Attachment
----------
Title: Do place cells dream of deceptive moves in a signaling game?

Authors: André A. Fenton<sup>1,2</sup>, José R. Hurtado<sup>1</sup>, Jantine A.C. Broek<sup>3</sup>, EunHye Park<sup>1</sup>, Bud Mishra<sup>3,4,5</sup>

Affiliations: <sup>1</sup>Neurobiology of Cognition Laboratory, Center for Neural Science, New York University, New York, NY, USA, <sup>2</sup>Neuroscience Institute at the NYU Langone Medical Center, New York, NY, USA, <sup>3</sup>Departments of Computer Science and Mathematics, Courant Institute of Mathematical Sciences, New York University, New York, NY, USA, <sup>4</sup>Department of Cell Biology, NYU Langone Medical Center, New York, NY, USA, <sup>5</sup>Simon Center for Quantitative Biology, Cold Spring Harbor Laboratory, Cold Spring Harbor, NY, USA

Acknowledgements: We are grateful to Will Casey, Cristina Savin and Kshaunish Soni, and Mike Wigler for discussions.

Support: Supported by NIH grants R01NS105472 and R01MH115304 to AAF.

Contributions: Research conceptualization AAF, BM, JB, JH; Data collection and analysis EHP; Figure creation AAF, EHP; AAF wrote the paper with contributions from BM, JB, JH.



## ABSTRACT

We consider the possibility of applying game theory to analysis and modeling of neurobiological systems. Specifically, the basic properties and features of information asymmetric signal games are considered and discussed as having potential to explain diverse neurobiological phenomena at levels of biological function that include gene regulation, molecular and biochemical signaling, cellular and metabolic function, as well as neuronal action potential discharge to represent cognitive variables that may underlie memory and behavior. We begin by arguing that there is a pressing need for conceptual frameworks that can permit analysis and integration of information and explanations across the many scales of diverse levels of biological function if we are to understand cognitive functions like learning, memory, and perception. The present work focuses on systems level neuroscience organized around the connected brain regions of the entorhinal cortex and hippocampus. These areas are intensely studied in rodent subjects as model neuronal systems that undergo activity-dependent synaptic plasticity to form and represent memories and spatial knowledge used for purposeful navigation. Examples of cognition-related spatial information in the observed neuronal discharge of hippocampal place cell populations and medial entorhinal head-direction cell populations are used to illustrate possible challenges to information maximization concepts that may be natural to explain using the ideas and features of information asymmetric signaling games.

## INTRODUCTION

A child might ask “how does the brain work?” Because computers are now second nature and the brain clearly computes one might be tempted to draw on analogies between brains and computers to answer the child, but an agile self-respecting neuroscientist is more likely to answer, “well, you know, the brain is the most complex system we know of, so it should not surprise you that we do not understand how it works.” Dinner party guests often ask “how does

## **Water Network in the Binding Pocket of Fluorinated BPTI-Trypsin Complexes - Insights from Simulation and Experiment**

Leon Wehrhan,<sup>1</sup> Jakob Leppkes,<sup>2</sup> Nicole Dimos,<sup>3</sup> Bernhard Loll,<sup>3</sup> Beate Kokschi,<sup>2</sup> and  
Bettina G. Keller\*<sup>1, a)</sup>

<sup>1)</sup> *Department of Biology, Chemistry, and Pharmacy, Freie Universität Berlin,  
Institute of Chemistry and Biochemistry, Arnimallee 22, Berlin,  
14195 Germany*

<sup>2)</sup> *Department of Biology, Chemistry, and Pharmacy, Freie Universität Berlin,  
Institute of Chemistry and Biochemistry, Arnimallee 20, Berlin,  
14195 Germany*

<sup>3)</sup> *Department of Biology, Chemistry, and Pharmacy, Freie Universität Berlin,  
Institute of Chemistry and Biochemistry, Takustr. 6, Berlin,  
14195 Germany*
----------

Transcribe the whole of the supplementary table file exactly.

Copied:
Title: Do place cells dream of deceptive moves in a signaling game?

Authors: André A. Fenton<sup>1,2</sup>, José R. Hurtado<sup>1</sup>, Jantine A.C. Broek<sup>3</sup>, EunHye Park<sup>1</sup>, Bud Mishra<sup>3,4,5</sup>

Affiliations: <sup>1</sup>Neurobiology of Cognition Laboratory, Center for Neural Science, New York University, New York, NY, USA, <sup>2</sup>Neuroscience Institute at the NYU Langone Medical Center, New York, NY, USA, <sup>3</sup>Departments of Computer Science and Mathematics, Courant Institute of Mathematical Sciences, New York University, New York, NY, USA, <sup>4</sup>Department of Cell Biology, NYU Langone Medical Center, New York, NY, USA, <sup>5</sup>Simon Center for Quantitative Biology, Cold Spring Harbor Laboratory, Cold Spring Harbor, NY, USA

Acknowledgements: We are grateful to Will Casey, Cristina Savin and Kshaunish Soni, and Mike Wigler for discussions.

Support: Supported by NIH grants R01NS105472 and R01MH115304 to AAF.

Contributions: Research conceptualization AAF, BM, JB, JH; Data collection and analysis EHP; Figure creation AAF, EHP; AAF wrote the paper with contributions from BM, JB, JH.



## ABSTRACT

We consider the possibility of applying game theory to analysis and modeling of neurobiological systems. Specifically, the basic properties and features of information asymmetric signal games are considered and discussed as having potential to explain diverse neurobiological phenomena at levels of biological function that include gene regulation, molecular and biochemical signaling, cellular and metabolic function, as well as neuronal action potential discharge to represent cognitive variables that may underlie memory and behavior. We begin by arguing that there is a pressing need for conceptual frameworks that can permit analysis and integration of information and explanations across the many scales of diverse levels of biological function if we are to understand cognitive functions like learning, memory, and perception. The present work focuses on systems level neuroscience organized around the connected brain regions of the entorhinal cortex and hippocampus. These areas are intensely studied in rodent subjects as model neuronal systems that undergo activity-dependent synaptic plasticity to form and represent memories and spatial knowledge used for purposeful navigation. Examples of cognition-related spatial information in the observed neuronal discharge of hippocampal place cell populations and medial entorhinal head-direction cell populations are used to illustrate possible challenges to information maximization concepts that may be natural to explain using the ideas and features of information asymmetric signaling games.

## INTRODUCTION

A child might ask “how does the brain work?” Because computers are now second nature and the brain clearly computes one might be tempted to draw on analogies between brains and computers to answer the child, but an agile self-respecting neuroscientist is more likely to answer, “well, you know, the brain is the most complex system we know of, so it should not surprise you that we do not understand how it works.” Dinner party guests often ask “how does

## **Water Network in the Binding Pocket of Fluorinated BPTI-Trypsin Complexes - Insights from Simulation and Experiment**

Leon Wehrhan,<sup>1</sup> Jakob Leppkes,<sup>2</sup> Nicole Dimos,<sup>3</sup> Bernhard Loll,<sup>3</sup> Beate Kokschi,<sup>2</sup> and  
Bettina G. Keller\*<sup>1, a)</sup>

<sup>1)</sup> *Department of Biology, Chemistry, and Pharmacy, Freie Universität Berlin,  
Institute of Chemistry and Biochemistry, Arnimallee 22, Berlin,  
14195 Germany*

<sup>2)</sup> *Department of Biology, Chemistry, and Pharmacy, Freie Universität Berlin,  
Institute of Chemistry and Biochemistry, Arnimallee 20, Berlin,  
14195 Germany*

<sup>3)</sup> *Department of Biology, Chemistry, and Pharmacy, Freie Universität Berlin,  
Institute of Chemistry and Biochemistry, Takustr. 6, Berlin,  
14195 Germany*